Third of all, we need to assess and understand regional, local, and national community research capacity. It is very important that we invest in that capacity and not exclusively extract or try to partner. In this moment, being able to conduct research either with abortion funds or abortion clinics or abortion researchers—understand that we've been doing this work for a very long time. So the idea of the excitement and the interest or wanting to engage around this research: partnership is going to be crucial (and I know our good colleague Dr. Jenny O'Donnell is going to talk about that). 

The other thing we have to recognize is there is truth and reconciliation and rupture and repair that needs to also have some attention. You can't just go into community or you can't just want to be able to helicopter into a field and not recognize the harm that's been caused. So maybe community engagement actually really means acknowledging that harm has occurred and creating community and creating relationship in order to be able to co-design studies in the future.

Finally, we need to consider some dissemination tools that go beyond our journal articles or that sit behind firewalls and paywalls, getting back to this combating misinformation and disinformation. We saw yesterday the power of social media and how people connect when Meta went down on Super Tuesday. This idea that for other people who were really scrambling and other community-based organizations that were scrambling to use other tools—we have to start thinking really differently about how we disseminate fact-based and evidence-based information.

We have to think about the use of infographics. We have to think about the use of other tools that communities we serve use, to be able to communicate. What digital assets can come from our data and how can we think differently about use, of explaining it to the public when we think about our research and think about our work?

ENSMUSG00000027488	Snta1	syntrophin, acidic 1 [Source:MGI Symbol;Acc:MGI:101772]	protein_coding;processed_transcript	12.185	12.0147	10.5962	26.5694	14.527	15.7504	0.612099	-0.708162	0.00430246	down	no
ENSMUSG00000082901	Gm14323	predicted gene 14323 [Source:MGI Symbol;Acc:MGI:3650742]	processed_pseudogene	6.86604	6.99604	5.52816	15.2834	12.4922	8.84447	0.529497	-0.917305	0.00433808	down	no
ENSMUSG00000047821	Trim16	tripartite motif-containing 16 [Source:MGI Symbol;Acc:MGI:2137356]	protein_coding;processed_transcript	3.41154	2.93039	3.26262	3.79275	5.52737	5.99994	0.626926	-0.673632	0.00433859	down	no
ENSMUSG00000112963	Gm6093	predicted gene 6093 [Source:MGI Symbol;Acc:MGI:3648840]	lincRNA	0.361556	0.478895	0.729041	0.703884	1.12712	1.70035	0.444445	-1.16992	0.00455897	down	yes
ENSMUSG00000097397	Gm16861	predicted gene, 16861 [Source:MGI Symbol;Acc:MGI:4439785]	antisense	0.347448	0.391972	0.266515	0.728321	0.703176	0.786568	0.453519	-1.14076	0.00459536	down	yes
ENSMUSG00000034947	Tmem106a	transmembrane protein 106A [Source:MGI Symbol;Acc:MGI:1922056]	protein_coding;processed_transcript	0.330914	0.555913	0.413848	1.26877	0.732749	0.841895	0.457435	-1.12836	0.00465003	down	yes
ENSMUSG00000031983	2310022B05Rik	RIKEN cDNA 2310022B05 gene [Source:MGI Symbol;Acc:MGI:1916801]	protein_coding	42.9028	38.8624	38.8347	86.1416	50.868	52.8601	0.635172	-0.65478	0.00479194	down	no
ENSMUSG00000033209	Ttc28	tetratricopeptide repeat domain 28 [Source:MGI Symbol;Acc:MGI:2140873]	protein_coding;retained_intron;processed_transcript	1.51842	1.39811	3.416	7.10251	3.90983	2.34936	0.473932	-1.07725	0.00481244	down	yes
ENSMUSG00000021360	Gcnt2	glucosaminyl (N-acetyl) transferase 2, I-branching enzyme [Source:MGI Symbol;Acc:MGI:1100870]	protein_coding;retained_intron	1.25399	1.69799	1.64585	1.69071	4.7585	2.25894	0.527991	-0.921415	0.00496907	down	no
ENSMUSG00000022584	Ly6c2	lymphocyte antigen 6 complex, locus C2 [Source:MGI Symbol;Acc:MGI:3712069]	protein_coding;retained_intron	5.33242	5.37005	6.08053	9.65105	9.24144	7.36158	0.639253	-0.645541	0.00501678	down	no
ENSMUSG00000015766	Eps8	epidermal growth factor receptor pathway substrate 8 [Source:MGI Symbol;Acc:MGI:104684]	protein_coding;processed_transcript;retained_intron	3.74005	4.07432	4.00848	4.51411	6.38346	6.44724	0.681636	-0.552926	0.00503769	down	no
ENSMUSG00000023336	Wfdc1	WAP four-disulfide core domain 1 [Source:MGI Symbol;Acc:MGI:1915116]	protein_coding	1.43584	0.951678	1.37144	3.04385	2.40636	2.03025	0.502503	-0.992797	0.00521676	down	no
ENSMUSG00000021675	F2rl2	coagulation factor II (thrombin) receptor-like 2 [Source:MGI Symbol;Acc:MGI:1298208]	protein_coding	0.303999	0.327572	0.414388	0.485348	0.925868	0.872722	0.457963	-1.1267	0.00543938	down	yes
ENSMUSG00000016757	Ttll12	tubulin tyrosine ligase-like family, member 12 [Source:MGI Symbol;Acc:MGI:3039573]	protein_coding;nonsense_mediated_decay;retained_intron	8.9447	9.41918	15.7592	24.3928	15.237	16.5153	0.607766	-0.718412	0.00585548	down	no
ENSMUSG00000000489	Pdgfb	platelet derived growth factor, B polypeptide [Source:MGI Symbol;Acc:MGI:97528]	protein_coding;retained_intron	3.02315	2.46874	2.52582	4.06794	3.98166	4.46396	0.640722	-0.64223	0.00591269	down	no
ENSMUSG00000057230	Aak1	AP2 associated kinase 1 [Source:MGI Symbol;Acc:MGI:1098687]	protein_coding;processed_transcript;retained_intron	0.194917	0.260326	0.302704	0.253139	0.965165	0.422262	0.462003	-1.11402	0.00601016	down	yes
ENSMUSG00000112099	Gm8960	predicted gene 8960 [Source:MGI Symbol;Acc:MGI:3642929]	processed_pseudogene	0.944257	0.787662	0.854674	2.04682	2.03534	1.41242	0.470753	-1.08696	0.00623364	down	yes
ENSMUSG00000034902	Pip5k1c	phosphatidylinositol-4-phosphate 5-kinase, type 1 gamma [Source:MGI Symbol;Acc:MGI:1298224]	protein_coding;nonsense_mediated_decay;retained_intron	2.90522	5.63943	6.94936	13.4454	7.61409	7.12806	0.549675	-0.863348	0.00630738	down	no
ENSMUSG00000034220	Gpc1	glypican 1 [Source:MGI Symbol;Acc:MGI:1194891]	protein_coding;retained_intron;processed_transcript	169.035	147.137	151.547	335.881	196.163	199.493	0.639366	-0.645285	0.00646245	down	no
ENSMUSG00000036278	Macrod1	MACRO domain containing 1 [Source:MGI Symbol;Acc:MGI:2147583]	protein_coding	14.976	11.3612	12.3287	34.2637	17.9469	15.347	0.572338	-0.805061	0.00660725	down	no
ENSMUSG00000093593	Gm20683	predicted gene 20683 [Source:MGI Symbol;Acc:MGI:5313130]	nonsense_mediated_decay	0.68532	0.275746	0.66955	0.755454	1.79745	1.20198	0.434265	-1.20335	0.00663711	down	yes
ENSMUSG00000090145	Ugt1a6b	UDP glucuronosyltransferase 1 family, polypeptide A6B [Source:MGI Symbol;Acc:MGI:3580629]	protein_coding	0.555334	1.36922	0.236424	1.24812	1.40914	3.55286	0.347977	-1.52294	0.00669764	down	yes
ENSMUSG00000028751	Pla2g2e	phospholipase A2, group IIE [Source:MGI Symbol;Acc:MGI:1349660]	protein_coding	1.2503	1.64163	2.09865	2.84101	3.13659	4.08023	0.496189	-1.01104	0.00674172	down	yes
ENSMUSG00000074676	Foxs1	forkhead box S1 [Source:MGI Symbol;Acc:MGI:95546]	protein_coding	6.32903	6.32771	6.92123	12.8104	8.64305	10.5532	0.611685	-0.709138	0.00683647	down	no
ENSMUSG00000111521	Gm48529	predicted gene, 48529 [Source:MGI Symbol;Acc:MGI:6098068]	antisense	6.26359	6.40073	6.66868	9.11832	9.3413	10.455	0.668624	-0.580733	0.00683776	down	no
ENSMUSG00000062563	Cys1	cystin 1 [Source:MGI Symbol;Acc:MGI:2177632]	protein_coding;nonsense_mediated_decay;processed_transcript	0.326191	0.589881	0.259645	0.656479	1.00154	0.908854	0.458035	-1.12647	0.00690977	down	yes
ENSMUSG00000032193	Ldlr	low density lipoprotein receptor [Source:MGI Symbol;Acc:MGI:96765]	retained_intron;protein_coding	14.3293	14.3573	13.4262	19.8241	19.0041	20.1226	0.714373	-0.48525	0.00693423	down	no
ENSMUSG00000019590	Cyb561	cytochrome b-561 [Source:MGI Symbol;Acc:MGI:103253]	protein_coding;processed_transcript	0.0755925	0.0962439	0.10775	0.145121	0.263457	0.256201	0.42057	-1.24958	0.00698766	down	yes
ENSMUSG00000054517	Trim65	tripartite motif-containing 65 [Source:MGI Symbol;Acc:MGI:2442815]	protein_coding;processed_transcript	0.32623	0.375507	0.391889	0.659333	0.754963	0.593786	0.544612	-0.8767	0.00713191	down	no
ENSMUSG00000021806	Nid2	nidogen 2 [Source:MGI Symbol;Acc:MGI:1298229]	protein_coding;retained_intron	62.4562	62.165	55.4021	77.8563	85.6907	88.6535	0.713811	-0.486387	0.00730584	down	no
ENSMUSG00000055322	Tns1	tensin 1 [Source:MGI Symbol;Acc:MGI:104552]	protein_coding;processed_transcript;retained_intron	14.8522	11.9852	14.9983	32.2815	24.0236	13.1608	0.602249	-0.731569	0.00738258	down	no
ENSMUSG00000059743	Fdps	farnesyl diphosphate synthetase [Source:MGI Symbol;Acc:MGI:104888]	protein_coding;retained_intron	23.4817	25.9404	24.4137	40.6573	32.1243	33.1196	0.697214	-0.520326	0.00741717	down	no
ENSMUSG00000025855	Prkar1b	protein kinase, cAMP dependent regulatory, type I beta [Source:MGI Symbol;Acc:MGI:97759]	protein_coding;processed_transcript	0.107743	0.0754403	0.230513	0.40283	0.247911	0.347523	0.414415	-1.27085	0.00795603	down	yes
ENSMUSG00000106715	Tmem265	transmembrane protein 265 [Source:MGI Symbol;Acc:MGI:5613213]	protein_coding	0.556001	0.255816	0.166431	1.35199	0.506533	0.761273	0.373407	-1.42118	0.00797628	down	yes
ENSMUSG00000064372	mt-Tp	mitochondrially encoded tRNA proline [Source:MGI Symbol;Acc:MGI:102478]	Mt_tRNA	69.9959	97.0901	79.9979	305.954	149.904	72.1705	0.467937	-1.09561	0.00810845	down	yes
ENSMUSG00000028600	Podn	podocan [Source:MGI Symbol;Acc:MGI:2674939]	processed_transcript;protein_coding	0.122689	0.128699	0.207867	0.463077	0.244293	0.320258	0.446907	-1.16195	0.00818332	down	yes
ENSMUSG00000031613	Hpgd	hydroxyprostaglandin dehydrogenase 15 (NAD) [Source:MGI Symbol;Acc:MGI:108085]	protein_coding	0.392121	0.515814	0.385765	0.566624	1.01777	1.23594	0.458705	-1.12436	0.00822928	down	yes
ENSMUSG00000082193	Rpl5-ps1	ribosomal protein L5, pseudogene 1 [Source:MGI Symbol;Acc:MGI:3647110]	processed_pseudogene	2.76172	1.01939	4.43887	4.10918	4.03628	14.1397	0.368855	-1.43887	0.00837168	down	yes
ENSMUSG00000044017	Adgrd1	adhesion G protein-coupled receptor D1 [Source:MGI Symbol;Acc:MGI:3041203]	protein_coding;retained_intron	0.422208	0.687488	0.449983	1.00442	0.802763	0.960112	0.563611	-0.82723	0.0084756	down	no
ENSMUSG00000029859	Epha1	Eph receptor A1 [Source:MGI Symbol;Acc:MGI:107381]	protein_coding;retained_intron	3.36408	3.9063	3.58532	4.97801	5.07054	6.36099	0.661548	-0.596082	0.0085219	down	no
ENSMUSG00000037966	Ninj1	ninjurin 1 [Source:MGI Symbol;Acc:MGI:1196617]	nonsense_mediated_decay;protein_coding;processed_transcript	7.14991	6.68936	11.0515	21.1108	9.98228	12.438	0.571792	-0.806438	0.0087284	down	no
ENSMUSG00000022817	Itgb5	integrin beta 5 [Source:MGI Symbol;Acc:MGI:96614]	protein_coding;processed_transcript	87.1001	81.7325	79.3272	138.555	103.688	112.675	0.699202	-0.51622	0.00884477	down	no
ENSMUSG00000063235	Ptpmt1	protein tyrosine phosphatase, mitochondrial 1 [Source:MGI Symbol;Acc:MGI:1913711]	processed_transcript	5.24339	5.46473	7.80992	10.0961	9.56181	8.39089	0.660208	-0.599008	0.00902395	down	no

Finally, I want to close out in in saying that I have been doing a lot of thinking and a lot of writing about retrofitting and reforming and reimagining the way that we conduct research (and you can find those papers):

  • Retrofit: We want to define and live our values within the conduct of our research both with our teams and the kinds of research questions that we ask. This is crucial for visibility, for accountability, for being seen, being heard. 
  • Reform: We're going to reform our research programs. We really want to embrace accountability. That power has been defined and described and we know that we're going to share it and we're going to wield it in partnership with the people that we serve. 
  • Reimagine: An authentic engagement means radically going beyond the traditional tools of science and really thinking about co-presentation of our co-developed research. It means bringing community voice to funders and funders to community.  It means reparations of humans, money, space, time, reputation to really be able to build out a research agenda and to amplify a research agenda that has community oversight as well as their excitement. 

We are currently in uncharted territory with Dobbs, and we need to remember Roe was never enough anyway as reproductive justice. People have taught us that was never the best that we could get—that for pregnant-capable people in our society to have full rights as citizens, we need to ensure their capacity to be the experts in their own lives and that includes being experts in their own lives in the scientific enterprise. 

In our understanding of this, we can then become the true research partners that we need to envision new kinds of care environments and interventions that are necessary to reduce harm and to hopefully be able to operationalize optimal health outcomes.

Monica McLemore Headshot
Committee Member, Member

Monica McLemore, Ph.D., M.P.H, RN

Professor and Interim Associate Dean for Equity, Diversity, and Inclusion - University of Washington

Dr. Monica McLemore is a tenured professor in the Child, Family, and Population Health Department and she will... Read Bio